In Cascade Your Annual Strategy & Planning we noted statistics from a recent leadership survey reported 92% of CEO’s feel their leadership team can communicate their strategy. The same survey revealed that only 2% of their leadership team actually could!
Simplifying your strategy into 35 words or less as we recommend in developing Your Strategy Statement is the first step to accomplishing this intention of a One Phrase Strategy.
Great companies know the value of this since communicating strategy from top to bottom is essential to get everyone’s oar in the water pulling in the same direction. Southwest Airlines One Phrase Strategy is “Wheels Up!” GE’s has long been, “first or second in every market or we are out” – GE would only settle for being the leader or #2 in each market they had products\services, or they would exit the market and not compete – simple, clear and compelling.
Here’s Verne’s short description from his Fortune Magazine article on the Seven Strata of Strategy: “Create a one-PHRASE strategy. Underlying the brand promises you express is a one-PHRASE strategy that drives your business model. As you know from reading my recent column on the topic (now live on Gazelles.com), this isn’t necessarily a selling point you make to your customers, but it supports delivering on your promises. Southwest Airlines’ “Wheels Up” one-PHRASE strategy has kept every strategic and tactical decision, like no-advanced reservation seating, directed at keeping its planes in the air and generating profits so it can keep airfares low. I strongly suggest you keep your one-PHRASE strategy relatively secret, which is why I’m not sharing BuildDirect.com’s.”
In Creating the Discipline of the Advantage we discussed Patrick Lencioni’s book the Advantage and the four elements that describe a Healthy Organization. Here are Lencioni’s Four Disciplines that comprise The Advantage:
- Discipline 1: Build a Cohesive Leadership Team
- Discipline 2: Create Clarity
- Discipline 3: Over-Communicate Clarity
- Discipline 4: Reinforce Clarity
Is it any coincidence that the last three all focus on the importance of clarity. If just two per cent of your leadership team can communicate your strategy, how many team members do you believe know your strategy at the tactical level of your business? How does this affect your business growth and even employee engagement? A recent Gallup Poll showed only 13% of employee’s are fully engaged. Is a lack of clarity on your company’s strategy a critical element preventing your business from communicating and getting staff fully engaged?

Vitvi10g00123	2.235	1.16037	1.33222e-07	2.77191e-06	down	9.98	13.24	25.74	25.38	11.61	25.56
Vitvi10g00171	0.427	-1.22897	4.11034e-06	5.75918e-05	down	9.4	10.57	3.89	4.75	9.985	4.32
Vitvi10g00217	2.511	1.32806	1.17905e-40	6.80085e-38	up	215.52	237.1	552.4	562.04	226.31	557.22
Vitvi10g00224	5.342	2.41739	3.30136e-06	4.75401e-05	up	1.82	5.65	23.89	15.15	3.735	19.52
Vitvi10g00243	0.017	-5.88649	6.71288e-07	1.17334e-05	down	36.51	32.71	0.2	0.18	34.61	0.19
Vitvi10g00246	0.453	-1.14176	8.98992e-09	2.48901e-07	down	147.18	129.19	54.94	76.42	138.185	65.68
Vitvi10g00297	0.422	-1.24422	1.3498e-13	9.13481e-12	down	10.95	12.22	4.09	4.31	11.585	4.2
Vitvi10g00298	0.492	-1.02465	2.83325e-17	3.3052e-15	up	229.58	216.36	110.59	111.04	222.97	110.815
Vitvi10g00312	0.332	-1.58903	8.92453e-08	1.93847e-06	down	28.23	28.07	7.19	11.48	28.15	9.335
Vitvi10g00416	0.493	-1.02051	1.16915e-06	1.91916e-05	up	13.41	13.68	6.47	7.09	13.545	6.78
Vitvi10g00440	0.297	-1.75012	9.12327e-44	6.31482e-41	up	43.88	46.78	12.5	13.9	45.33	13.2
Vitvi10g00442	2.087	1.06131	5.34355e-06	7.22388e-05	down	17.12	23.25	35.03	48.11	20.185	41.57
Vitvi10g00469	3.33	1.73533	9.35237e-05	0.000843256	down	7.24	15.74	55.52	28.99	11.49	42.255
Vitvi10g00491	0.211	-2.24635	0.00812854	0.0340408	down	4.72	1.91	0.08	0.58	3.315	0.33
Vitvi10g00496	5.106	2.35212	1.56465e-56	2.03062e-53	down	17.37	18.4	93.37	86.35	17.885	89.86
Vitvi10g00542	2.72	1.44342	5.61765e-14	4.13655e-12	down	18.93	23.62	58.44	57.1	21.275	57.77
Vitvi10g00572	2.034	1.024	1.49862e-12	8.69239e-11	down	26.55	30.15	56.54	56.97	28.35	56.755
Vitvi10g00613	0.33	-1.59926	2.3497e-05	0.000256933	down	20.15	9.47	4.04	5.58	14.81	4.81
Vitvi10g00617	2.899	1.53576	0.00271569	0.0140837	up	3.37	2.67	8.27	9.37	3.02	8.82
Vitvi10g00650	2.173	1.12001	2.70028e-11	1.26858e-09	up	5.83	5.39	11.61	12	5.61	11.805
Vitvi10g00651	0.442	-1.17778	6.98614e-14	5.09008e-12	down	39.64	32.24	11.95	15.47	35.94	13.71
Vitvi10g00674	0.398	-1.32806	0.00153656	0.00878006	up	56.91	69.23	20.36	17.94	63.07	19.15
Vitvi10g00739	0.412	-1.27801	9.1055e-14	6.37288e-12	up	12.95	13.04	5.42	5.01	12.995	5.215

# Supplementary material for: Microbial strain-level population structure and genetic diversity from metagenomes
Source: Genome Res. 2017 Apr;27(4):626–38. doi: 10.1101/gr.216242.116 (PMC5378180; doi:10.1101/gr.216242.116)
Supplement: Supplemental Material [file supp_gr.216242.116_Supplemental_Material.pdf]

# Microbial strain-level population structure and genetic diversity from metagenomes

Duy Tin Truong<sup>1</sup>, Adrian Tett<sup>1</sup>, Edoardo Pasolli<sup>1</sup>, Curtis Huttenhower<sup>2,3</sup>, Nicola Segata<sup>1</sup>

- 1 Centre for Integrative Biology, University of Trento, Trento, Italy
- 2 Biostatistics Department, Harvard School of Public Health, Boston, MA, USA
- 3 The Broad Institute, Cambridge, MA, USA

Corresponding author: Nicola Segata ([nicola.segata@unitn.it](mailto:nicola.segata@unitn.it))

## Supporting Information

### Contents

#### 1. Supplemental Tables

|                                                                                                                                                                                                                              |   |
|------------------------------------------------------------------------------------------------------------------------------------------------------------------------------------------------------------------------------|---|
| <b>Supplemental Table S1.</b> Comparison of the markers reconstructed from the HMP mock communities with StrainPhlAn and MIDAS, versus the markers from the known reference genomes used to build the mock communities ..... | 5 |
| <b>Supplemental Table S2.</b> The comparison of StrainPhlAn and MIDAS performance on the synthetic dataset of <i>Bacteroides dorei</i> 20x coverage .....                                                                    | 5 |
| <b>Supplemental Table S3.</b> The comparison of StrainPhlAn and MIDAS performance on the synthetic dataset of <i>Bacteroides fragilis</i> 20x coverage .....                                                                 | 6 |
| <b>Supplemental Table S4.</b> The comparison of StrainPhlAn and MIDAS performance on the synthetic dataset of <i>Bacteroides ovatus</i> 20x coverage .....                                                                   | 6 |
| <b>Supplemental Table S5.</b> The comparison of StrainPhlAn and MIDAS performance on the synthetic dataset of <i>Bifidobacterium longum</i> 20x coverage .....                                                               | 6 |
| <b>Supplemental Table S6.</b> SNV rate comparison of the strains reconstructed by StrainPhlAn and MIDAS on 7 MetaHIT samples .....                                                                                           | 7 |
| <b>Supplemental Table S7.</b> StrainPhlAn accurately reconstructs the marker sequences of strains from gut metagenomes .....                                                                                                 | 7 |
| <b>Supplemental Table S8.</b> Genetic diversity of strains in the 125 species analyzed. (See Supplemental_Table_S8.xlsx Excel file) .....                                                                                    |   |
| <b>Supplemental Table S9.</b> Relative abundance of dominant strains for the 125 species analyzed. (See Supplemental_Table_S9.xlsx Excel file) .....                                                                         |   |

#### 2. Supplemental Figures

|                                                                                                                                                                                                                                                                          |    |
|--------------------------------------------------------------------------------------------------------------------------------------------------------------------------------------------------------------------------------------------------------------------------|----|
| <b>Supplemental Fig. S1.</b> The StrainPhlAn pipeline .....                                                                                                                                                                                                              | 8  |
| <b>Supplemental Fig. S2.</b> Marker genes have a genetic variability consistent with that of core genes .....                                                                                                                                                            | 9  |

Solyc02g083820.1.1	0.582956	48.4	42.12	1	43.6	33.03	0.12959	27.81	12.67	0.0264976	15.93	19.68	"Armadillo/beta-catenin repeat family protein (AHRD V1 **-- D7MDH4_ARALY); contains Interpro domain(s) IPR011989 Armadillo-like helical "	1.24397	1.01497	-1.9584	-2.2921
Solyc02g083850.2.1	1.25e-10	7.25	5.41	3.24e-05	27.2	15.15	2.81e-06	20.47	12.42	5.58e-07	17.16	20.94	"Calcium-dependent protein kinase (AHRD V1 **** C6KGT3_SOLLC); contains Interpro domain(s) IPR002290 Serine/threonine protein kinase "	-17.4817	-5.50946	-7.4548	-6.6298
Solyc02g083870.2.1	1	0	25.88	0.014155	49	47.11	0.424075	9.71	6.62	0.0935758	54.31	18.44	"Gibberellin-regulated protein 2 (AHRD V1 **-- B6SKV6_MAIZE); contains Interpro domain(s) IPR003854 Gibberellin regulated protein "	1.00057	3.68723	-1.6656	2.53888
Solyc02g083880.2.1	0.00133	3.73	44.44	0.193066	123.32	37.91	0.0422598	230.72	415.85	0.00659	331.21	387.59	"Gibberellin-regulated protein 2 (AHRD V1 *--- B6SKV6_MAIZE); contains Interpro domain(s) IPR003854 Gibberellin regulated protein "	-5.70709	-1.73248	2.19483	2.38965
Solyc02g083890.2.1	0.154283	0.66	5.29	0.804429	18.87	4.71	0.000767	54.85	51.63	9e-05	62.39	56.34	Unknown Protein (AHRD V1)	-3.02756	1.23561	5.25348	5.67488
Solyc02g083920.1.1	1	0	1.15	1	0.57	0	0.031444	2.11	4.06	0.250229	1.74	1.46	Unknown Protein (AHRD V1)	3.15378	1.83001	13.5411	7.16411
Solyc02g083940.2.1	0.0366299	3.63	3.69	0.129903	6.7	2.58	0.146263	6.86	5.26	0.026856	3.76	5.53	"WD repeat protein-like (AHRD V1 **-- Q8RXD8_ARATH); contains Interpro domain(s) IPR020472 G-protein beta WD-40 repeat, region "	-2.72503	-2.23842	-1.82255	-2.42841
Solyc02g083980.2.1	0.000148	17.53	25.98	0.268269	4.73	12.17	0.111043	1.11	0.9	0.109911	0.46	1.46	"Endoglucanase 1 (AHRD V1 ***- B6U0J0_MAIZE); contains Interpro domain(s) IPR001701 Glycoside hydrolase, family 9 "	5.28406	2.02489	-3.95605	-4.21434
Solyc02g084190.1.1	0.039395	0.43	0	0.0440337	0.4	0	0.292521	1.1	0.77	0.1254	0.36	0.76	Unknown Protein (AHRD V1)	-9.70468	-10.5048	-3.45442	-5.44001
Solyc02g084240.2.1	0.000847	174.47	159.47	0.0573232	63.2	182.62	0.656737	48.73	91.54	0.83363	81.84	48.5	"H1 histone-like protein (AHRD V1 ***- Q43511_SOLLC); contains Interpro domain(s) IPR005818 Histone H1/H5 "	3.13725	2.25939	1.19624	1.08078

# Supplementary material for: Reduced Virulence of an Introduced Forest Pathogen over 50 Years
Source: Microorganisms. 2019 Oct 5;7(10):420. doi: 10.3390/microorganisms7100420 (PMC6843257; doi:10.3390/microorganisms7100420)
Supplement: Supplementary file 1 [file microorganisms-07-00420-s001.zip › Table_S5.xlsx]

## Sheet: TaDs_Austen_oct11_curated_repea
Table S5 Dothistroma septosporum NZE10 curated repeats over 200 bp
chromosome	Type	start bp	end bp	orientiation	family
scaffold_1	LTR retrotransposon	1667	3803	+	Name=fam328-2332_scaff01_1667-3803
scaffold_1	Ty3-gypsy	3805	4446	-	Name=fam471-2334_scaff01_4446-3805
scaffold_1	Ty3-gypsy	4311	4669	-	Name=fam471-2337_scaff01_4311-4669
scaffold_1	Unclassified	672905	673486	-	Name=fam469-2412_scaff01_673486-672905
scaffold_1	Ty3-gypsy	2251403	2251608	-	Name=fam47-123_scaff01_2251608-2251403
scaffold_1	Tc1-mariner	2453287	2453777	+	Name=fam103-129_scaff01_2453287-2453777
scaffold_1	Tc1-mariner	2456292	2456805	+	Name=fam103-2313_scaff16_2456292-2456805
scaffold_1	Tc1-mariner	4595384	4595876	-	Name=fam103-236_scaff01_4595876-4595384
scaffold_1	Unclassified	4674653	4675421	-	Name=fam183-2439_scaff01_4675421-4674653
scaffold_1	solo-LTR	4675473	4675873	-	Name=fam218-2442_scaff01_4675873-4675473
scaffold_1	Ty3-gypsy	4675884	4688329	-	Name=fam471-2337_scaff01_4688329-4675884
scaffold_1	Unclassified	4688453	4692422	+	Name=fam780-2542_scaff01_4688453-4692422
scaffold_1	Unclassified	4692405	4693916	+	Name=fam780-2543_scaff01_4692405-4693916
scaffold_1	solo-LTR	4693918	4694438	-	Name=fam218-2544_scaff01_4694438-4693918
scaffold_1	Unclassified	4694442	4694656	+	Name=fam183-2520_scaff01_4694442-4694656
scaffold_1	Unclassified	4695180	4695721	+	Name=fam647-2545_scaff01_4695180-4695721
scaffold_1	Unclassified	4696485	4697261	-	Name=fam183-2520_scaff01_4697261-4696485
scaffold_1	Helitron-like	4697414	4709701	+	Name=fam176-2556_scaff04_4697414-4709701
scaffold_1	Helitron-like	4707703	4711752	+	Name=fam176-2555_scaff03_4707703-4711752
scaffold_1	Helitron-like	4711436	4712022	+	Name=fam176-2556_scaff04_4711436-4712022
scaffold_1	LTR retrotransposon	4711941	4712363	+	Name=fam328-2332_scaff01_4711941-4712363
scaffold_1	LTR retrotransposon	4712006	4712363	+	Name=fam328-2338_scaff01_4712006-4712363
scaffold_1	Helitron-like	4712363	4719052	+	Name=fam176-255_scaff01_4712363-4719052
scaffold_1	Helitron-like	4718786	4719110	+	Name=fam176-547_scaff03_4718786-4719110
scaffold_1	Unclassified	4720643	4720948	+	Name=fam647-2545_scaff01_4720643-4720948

Determining your Strategy Statement is a good first step to help you discover your One Phrase Strategy. Another powerful tool I’ve mentioned several times is to discover your Inside Advantage. Bob Bloom’s book is a step by step guide to helping you uncover what secret sauce lies inside your business that can catapult you toward greatness. For Positioning Systems our one phrase strategy is “Strategic Discipline.”
One of my clients developed their Strategy Statement and Core Purpose. Their Core Purpose ties directly to their Strategy Statement, and has become a rallying cry for the business on how they differentiate themselves in a very competitive marketplace from their rival.
Identifying your One Phrase Strategy requires an additional step. You must support it with differentiating actions. Indeed usually discovering it presents ideas on how to reinforce and build these differentiating actions.
We’ll look at the next element of the Seven Strata of Strategy, 3-5 Activities that support and differentiate your strategy in our next blog.